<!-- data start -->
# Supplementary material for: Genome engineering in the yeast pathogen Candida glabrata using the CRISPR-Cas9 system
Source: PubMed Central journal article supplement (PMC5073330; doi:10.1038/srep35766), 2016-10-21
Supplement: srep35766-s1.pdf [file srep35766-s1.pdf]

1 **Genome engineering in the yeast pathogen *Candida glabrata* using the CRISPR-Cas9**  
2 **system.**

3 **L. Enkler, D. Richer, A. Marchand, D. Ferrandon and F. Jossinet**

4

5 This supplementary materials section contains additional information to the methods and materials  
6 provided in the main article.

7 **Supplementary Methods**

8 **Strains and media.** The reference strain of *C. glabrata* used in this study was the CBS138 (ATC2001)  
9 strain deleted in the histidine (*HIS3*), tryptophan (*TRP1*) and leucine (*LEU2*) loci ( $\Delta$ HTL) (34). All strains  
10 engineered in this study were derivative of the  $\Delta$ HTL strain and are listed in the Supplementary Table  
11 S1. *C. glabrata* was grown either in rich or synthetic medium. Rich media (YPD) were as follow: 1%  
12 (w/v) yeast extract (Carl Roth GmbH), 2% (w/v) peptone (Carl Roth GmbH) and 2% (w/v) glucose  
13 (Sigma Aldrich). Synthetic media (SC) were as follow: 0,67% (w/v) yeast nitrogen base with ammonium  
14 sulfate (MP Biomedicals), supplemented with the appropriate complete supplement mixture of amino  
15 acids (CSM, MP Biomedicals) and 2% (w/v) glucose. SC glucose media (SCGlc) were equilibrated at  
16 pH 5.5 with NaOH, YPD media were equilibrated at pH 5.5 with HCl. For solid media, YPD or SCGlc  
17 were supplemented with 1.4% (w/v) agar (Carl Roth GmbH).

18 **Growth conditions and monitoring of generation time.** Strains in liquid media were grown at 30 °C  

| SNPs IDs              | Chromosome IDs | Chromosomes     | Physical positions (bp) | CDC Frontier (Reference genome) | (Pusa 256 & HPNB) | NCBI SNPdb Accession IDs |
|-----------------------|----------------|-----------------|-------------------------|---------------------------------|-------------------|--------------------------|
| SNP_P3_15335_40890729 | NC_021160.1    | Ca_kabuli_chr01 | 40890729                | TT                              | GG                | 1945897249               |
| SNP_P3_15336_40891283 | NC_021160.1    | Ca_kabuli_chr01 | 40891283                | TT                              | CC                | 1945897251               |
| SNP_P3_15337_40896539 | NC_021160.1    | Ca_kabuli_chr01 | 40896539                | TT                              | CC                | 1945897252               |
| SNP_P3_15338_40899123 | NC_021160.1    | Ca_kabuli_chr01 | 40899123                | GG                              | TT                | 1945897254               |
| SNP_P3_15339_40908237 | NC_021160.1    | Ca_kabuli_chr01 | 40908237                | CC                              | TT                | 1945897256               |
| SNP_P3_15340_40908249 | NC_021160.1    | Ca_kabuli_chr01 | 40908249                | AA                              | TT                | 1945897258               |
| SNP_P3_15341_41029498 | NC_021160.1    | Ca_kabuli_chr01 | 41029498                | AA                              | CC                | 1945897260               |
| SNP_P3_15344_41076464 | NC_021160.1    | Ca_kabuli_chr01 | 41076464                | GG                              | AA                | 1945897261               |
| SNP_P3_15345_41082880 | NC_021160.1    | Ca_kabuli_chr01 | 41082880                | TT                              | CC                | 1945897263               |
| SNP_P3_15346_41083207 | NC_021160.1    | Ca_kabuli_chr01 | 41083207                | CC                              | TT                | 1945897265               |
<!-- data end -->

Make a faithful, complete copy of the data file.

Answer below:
# Supplementary material for: Genome engineering in the yeast pathogen Candida glabrata using the CRISPR-Cas9 system
Source: PubMed Central journal article supplement (PMC5073330; doi:10.1038/srep35766), 2016-10-21
Supplement: srep35766-s1.pdf [file srep35766-s1.pdf]

1 **Genome engineering in the yeast pathogen *Candida glabrata* using the CRISPR-Cas9**  
2 **system.**

3 **L. Enkler, D. Richer, A. Marchand, D. Ferrandon and F. Jossinet**

4

5 This supplementary materials section contains additional information to the methods and materials  
6 provided in the main article.

7 **Supplementary Methods**

8 **Strains and media.** The reference strain of *C. glabrata* used in this study was the CBS138 (ATC2001)  
9 strain deleted in the histidine (*HIS3*), tryptophan (*TRP1*) and leucine (*LEU2*) loci ( $\Delta$ HTL) (34). All strains  
10 engineered in this study were derivative of the  $\Delta$ HTL strain and are listed in the Supplementary Table  
11 S1. *C. glabrata* was grown either in rich or synthetic medium. Rich media (YPD) were as follow: 1%  
12 (w/v) yeast extract (Carl Roth GmbH), 2% (w/v) peptone (Carl Roth GmbH) and 2% (w/v) glucose  
13 (Sigma Aldrich). Synthetic media (SC) were as follow: 0,67% (w/v) yeast nitrogen base with ammonium  
14 sulfate (MP Biomedicals), supplemented with the appropriate complete supplement mixture of amino  
15 acids (CSM, MP Biomedicals) and 2% (w/v) glucose. SC glucose media (SCGlc) were equilibrated at  
16 pH 5.5 with NaOH, YPD media were equilibrated at pH 5.5 with HCl. For solid media, YPD or SCGlc  
17 were supplemented with 1.4% (w/v) agar (Carl Roth GmbH).

18 **Growth conditions and monitoring of generation time.** Strains in liquid media were grown at 30 °C  

| SNPs IDs              | Chromosome IDs | Chromosomes     | Physical positions (bp) | CDC Frontier (Reference genome) | (Pusa 256 & HPNB) | NCBI SNPdb Accession IDs |
|-----------------------|----------------|-----------------|-------------------------|---------------------------------|-------------------|--------------------------|
| SNP_P3_15335_40890729 | NC_021160.1    | Ca_kabuli_chr01 | 40890729                | TT                              | GG                | 1945897249               |
| SNP_P3_15336_40891283 | NC_021160.1    | Ca_kabuli_chr01 | 40891283                | TT                              | CC                | 1945897251               |
| SNP_P3_15337_40896539 | NC_021160.1    | Ca_kabuli_chr01 | 40896539                | TT                              | CC                | 1945897252               |
| SNP_P3_15338_40899123 | NC_021160.1    | Ca_kabuli_chr01 | 40899123                | GG                              | TT                | 1945897254               |
| SNP_P3_15339_40908237 | NC_021160.1    | Ca_kabuli_chr01 | 40908237                | CC                              | TT                | 1945897256               |
| SNP_P3_15340_40908249 | NC_021160.1    | Ca_kabuli_chr01 | 40908249                | AA                              | TT                | 1945897258               |
| SNP_P3_15341_41029498 | NC_021160.1    | Ca_kabuli_chr01 | 41029498                | AA                              | CC                | 1945897260               |
| SNP_P3_15344_41076464 | NC_021160.1    | Ca_kabuli_chr01 | 41076464                | GG                              | AA                | 1945897261               |
| SNP_P3_15345_41082880 | NC_021160.1    | Ca_kabuli_chr01 | 41082880                | TT                              | CC                | 1945897263               |
| SNP_P3_15346_41083207 | NC_021160.1    | Ca_kabuli_chr01 | 41083207                | CC                              | TT                | 1945897265               |